David Bowie, the art museum exhibition, is due to open March 23 for a four-month run at London’s venerable Victoria and Albert Museum.
For art-world purists who decry the trend toward celebrity-driven programming -- something not unheard of at L.A.’s Museum of Contemporary Art and the Los Angeles County Museum of Art, among others -- it’s one more sign that they’ll just have to “turn and face the strange changes,” to quote a Bowie refrain from 1971.
Titled “David Bowie is,” the upcoming display of more than 300 objects -- sponsored by Gucci -- is billed on the museum’s website as “the first international retrospective” on the chameleonic rocker. It will explore “the creative processes of Bowie as a musical innovator and cultural icon, tracing his shifting style and sustained reinvention across five decades.”
Given “unprecedented access to the David Bowie archive,” two curators from the V&A’s Theatre and Performance department have picked a show that includes costumes Bowie wore as “Ziggy Stardust,” the 1972 album and persona that vaulted him to super-stardom, as well as original album artwork, video clips, set designs, handwritten lyrics and some sketches by Bowie. In other words, it's a rocker-as-auteur approximation of LACMA’s current retrospective on film director Stanley Kubrick, and its 2011 exhibition on Tim Burton.
The British daily, the Guardian, ran a recent interview with Roy Strong, a former director of both the Victoria and Albert and the National Portrait Gallery, who said that the dominant role of public funding of museums in Britain is sapping their sense of adventure and iconoclasm. “Nobody dares put on an exhibition that actually criticizes the government or public policy,” he said, leaving just a menu of “endless Renoir exhibitions … glamor and money.”
Asked about the forthcoming Bowie retrospective, Strong said: "Well, we already had Grace Kelly [the subject of a 2010 show at the V&A]. What she was doing there I don't know. They've done a number of things like that. They've done that with one notion in mind -- box-office.”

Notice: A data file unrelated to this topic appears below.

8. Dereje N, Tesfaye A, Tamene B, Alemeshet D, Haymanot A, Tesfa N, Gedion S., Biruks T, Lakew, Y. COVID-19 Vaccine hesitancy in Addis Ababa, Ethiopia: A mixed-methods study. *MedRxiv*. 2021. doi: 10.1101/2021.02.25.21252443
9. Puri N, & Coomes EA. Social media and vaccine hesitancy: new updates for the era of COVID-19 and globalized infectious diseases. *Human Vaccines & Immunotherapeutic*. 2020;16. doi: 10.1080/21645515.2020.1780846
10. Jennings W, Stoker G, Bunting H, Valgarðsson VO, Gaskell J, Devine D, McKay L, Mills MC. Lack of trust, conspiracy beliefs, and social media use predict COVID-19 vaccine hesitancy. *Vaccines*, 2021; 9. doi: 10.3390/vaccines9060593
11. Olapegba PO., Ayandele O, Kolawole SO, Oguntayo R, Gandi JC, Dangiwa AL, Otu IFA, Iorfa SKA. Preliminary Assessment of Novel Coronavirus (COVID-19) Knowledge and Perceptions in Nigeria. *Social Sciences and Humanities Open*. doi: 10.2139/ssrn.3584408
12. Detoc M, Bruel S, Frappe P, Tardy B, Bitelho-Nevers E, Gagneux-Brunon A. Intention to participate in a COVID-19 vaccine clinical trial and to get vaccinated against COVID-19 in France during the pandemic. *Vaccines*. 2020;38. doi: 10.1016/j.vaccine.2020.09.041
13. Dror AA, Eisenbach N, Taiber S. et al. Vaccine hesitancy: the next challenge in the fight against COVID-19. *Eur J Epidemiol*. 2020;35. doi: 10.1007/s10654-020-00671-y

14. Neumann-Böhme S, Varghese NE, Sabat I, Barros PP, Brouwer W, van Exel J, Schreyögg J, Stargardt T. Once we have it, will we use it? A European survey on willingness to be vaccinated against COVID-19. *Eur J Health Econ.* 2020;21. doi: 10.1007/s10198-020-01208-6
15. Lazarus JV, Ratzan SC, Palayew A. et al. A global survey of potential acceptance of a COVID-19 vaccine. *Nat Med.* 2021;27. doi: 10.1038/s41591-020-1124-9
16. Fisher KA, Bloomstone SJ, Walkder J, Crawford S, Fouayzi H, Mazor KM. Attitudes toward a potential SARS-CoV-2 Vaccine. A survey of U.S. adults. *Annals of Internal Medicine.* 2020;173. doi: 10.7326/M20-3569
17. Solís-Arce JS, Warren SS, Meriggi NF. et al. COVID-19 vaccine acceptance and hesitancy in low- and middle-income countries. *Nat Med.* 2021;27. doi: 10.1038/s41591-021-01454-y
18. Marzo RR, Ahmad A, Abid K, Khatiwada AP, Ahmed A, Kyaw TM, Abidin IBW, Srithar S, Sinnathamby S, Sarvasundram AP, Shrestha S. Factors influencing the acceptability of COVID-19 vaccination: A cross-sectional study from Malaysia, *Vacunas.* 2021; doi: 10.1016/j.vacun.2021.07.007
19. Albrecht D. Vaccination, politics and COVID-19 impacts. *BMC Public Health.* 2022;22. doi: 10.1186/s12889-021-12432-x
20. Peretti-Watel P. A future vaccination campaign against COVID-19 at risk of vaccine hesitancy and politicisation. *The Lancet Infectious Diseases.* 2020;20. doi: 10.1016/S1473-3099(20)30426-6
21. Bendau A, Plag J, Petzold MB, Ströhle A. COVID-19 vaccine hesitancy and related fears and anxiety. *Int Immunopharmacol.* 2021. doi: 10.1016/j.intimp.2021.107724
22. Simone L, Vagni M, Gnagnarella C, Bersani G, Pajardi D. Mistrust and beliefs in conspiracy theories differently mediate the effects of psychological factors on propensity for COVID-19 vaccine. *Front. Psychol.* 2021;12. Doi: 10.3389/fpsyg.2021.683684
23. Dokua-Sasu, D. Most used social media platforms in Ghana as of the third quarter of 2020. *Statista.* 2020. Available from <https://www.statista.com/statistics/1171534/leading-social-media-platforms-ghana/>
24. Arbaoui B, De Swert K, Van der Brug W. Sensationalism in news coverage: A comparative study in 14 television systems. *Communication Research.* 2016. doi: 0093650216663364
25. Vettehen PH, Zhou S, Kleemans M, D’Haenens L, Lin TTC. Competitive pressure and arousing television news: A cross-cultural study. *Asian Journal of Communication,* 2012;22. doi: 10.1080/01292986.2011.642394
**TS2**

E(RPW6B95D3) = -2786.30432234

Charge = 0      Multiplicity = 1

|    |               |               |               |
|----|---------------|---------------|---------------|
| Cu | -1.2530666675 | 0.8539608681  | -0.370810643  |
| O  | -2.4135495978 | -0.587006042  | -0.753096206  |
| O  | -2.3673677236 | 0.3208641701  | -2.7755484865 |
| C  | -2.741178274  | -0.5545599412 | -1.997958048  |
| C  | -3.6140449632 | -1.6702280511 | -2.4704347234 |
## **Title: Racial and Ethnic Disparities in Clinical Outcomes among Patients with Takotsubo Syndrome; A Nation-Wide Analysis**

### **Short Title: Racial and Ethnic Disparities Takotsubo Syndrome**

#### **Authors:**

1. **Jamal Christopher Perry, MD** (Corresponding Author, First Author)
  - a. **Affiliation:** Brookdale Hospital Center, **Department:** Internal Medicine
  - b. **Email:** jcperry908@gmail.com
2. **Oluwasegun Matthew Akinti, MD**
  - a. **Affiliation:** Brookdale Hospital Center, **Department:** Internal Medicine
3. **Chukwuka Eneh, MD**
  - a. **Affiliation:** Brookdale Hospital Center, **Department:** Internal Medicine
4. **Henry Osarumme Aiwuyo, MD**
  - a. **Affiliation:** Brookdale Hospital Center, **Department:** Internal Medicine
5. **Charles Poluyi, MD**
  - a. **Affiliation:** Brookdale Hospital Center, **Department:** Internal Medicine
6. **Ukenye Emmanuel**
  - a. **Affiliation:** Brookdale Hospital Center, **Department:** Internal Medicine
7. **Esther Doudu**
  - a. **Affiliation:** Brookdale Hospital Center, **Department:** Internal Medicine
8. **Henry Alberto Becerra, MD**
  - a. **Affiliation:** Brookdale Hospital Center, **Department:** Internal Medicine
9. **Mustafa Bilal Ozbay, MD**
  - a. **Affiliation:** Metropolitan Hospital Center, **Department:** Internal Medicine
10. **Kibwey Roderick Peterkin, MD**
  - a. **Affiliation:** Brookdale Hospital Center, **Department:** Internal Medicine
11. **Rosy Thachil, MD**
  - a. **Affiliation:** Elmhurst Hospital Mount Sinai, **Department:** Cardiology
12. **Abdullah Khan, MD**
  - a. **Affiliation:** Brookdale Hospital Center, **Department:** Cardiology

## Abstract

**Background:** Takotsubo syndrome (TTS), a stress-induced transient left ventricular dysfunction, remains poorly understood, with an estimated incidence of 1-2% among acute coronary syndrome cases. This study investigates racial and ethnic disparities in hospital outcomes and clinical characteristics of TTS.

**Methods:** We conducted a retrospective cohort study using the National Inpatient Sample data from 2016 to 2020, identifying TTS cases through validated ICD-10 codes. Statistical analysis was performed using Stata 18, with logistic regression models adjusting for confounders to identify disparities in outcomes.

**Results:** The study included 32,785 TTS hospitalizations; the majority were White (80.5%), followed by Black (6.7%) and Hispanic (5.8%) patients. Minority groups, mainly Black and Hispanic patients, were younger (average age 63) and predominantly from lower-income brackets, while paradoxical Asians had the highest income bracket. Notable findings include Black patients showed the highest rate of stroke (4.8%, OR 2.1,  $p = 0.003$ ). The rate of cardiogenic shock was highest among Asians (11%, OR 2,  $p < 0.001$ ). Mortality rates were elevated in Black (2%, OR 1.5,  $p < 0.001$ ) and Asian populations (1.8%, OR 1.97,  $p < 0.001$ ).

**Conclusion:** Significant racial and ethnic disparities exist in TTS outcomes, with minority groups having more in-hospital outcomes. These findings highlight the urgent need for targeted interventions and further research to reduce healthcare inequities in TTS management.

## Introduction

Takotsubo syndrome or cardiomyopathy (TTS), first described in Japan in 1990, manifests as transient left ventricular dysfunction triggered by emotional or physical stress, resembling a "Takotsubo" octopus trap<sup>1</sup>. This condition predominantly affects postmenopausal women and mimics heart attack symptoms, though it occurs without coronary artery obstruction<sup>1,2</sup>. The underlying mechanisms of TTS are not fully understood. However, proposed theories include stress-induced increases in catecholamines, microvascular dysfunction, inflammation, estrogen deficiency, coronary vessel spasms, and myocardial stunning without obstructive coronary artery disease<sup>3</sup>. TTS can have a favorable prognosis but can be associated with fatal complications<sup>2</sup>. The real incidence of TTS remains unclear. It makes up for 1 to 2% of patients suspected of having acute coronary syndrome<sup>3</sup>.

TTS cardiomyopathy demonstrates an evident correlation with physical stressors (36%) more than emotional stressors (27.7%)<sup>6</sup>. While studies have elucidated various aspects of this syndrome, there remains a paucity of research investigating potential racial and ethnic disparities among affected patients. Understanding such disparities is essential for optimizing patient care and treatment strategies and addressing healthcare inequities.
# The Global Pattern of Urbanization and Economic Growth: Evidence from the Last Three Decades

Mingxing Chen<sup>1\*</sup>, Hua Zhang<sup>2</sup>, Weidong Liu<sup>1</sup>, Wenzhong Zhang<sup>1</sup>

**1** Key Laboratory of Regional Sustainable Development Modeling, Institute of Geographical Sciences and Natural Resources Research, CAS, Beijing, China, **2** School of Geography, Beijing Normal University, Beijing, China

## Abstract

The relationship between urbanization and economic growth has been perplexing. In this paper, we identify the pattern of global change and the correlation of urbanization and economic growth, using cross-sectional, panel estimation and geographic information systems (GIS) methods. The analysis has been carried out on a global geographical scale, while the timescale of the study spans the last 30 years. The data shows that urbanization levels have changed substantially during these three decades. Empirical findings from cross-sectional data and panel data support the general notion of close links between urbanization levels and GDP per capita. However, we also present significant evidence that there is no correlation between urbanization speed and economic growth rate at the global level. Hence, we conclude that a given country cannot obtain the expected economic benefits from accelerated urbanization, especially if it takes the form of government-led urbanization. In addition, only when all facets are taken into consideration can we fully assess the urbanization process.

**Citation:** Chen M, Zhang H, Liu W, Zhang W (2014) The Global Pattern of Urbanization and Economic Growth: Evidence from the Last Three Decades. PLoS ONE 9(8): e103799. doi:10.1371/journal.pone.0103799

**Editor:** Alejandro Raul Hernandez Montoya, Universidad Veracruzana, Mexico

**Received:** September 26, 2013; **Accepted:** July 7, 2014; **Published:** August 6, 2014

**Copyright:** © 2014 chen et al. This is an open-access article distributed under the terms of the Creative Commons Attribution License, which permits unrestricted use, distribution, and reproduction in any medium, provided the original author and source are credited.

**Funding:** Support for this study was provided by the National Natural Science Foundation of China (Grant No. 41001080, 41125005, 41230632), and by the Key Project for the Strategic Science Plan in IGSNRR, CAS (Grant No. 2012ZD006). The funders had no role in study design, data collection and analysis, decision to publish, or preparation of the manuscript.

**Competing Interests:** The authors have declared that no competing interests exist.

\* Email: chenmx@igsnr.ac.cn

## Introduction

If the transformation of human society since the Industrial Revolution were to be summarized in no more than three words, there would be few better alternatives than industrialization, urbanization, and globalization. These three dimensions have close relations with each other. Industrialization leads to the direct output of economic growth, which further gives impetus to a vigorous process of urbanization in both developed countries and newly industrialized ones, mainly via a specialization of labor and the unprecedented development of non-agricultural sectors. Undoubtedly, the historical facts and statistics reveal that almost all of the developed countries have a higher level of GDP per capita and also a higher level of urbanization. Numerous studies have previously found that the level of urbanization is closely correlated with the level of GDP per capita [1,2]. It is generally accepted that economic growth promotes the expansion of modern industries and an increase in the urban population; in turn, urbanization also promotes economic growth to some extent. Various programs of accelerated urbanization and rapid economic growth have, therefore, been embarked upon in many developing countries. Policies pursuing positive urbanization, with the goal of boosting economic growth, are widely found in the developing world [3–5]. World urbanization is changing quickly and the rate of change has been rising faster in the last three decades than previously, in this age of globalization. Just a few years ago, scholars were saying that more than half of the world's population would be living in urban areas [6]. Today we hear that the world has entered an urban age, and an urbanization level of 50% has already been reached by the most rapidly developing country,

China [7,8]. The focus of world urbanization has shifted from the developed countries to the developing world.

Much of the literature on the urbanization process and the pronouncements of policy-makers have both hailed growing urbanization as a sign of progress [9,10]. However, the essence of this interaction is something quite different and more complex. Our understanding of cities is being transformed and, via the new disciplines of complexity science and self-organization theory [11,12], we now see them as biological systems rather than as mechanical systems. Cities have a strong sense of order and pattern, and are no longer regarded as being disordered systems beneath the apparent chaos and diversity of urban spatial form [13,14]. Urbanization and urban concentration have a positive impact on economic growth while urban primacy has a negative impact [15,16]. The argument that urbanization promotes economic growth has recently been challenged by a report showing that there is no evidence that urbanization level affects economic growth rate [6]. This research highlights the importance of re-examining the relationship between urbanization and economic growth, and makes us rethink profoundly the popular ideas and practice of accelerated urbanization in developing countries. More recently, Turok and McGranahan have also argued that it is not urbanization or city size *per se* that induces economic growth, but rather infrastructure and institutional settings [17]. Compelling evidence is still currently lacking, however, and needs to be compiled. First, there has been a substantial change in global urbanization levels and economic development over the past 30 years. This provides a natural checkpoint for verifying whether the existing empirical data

Strong appeared resigned, however, to some influx of pop culture: “You have to look at it on its own merits. It's just a balance, that you don't do too much of it."
Purists in Great Britain might already have gotten the message from “Hollywood Costume,” an array of famed cinematic garb from “private and archival collections in California” that closes its three-month run at the Victoria and Albert this weekend.
With a $24.37 special exhibition price, at current exchange rates, advance tickets for 10 of the first 12 weekend dates for “David Bowie is” were already sold out as of Monday, according to the museum’s website. (Admission to the V&A’s permanent collection is free.)
A published four-year strategic plan through 2015 says a top priority is “to make the V&A matter to more people,” and build its attendance -- 2.9 million in 2011-12 -- by 2% annually. Meanwhile, Great Britain’s economic doldrums have brought an across-the-board tightening of government arts funding. The V&A’s subsidy is projected to drop gradually from about $62 million in 2011 to $60 million in 2015.
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